How much do we spend on patients at the end of life, across different care settings?

Dr Wikum Jayatunga is Public Health Registrar based in London. Here he discusses his Age and Ageing paper 'Health and social care costs at the end of life: a matched analysis of linked patient records in East London'.

It is a commonly accepted principle that demand for healthcare always outstrips resources, and so in the UK’s publicly funded health system, it is important to look at how and where costs are being incurred to make sure we are making the best use of limited resources. We know that a large proportion of hospital use is concentrated in peoples’ final year of life, as deteriorating health in this period often leads to acute hospital admissions. However far less is known about care use in other settings, such as in primary care and social care.

We therefore tried to understand how much the health and social care system spends on patients at the end of life, across different care settings. To do this, we used a novel dataset from the London Borough of Barking and Dagenham which links together data from local government services, health providers and health commissioners at a patient level. Many such datasets are now being developed because they allow health service researchers and planners to uncover new system-wide insights.

Over a six-year period, from 2011 to 2017, we matched 4,360 individuals who died to controls who did not die, but share similar characteristics – matching by: age, gender, neighbourhood deprivation, and number of long term conditions. By taking this approach, the difference in costs between the groups could be more clearly attributed to the end of life period, rather than these other factors.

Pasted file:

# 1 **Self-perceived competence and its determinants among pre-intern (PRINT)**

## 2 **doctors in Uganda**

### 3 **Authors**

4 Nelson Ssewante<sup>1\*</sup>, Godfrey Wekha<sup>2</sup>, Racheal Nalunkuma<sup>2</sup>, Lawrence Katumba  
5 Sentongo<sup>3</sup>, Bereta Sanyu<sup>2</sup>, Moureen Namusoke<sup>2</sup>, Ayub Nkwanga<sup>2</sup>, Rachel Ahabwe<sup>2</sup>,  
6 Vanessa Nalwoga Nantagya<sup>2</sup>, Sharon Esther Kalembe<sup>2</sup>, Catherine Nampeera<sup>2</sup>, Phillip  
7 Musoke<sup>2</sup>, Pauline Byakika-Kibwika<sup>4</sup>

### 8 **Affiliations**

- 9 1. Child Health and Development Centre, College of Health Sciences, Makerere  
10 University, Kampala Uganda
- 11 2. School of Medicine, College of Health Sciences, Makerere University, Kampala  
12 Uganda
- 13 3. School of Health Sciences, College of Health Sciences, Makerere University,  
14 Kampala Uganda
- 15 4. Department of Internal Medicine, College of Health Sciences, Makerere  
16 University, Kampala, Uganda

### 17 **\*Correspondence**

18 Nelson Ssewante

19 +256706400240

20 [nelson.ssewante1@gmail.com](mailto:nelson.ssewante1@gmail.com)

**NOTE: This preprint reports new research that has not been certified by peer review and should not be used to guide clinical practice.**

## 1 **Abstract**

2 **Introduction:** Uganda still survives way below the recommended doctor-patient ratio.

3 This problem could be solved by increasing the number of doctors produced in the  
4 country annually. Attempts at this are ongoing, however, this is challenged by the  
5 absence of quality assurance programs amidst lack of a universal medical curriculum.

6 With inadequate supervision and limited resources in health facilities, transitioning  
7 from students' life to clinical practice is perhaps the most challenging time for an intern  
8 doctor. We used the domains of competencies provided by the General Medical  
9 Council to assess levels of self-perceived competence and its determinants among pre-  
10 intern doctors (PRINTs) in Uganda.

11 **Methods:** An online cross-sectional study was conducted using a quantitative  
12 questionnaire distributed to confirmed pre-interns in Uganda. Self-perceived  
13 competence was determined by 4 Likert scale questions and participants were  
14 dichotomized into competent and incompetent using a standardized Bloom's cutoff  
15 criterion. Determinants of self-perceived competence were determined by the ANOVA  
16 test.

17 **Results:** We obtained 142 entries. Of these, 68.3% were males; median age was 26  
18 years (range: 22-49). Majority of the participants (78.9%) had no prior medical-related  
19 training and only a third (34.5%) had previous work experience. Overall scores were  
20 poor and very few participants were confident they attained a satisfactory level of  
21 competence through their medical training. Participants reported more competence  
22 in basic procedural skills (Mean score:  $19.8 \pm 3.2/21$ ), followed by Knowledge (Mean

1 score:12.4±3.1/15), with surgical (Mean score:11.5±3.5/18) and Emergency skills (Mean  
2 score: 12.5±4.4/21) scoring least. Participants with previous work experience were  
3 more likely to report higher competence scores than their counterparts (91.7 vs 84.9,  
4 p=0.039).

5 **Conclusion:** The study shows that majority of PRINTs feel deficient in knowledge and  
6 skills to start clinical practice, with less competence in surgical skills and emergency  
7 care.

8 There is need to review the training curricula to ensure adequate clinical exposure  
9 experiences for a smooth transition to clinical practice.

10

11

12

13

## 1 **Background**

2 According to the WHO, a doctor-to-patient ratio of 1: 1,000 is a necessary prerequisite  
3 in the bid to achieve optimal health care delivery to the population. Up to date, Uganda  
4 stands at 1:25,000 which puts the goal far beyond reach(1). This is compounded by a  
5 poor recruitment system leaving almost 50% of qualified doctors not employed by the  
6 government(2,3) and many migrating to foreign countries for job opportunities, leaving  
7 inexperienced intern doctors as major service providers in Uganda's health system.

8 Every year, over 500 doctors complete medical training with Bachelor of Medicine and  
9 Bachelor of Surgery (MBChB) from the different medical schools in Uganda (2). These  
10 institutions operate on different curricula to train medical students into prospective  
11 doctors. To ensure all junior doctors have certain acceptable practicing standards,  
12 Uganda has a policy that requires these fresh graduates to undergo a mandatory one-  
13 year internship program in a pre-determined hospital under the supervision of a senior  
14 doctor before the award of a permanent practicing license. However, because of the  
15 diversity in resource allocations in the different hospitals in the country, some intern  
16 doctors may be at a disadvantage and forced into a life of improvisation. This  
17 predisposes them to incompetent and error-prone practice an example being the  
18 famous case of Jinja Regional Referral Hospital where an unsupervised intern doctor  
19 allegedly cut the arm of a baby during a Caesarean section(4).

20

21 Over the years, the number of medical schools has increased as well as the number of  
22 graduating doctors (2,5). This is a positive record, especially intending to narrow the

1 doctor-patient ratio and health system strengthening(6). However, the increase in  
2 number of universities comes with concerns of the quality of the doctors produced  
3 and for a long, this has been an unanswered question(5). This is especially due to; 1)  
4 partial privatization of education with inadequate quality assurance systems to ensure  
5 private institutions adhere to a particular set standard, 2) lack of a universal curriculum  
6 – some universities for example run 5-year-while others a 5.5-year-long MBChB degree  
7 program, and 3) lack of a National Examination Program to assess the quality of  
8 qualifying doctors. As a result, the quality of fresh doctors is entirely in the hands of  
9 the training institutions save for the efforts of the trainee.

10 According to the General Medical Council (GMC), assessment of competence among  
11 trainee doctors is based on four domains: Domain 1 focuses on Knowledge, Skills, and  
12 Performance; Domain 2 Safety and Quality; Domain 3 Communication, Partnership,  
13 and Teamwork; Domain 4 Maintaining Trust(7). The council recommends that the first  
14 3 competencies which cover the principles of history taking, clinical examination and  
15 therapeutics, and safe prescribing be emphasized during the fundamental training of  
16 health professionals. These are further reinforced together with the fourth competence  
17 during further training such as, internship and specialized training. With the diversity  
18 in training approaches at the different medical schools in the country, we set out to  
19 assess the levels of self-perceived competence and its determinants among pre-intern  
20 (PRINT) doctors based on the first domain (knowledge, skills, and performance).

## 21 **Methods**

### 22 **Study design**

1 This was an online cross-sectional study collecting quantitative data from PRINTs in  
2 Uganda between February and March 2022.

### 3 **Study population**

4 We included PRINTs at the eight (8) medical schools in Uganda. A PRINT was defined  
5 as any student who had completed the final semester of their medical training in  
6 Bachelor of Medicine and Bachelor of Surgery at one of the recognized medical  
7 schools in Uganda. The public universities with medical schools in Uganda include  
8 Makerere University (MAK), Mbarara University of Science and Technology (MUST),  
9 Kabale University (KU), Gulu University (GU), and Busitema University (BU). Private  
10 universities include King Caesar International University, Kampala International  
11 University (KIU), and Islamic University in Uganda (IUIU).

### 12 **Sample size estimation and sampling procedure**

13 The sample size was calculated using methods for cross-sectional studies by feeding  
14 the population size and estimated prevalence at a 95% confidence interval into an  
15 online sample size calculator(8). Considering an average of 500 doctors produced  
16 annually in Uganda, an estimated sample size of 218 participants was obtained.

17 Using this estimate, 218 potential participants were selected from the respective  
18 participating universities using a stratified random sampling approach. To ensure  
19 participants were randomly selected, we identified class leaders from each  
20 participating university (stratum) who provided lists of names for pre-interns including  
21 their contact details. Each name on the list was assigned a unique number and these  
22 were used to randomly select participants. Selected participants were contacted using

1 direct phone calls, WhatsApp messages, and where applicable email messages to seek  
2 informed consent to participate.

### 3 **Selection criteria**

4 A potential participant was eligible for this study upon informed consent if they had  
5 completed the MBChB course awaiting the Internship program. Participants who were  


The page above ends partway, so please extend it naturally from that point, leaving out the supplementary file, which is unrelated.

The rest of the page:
We found that the end of life period was associated with £7,450 of additional costs in total, across planned and unplanned hospital care, emergency department care, outpatient care, primary care and social care. While additional costs were found across all care settings, unplanned hospital care was the largest contributor, accounting for £4,218 (57%) of this. Such costs in acute settings were particularly seen over the last few months of life, while in non-acute settings such as outpatient care and social care, costs actually decreased over the final few months. Better end-of-life planning might allow more care to be delivered in the community, preventing costly hospital admissions and aligning care to patient wishes.

We also broke down these costs by the age at which people die. As age of death increased, healthcare costs decreased while social care costs increased, such that we see a relative shift in care costs from healthcare settings to social care. This has important implications given our ageing society, growing care demands, and ongoing funding shortages in the social care system.

There are many research questions yet to be explored, including sub-analysis by conditions (such as dementia), place of death, and other settings (such as community, mental health and hospice care). This paper is the first stage of a three-year research programme, more of which can be read about here. It serves as a clear example of how linked data can be used to deliver new and actionable insights about the health system, service use, and population health.


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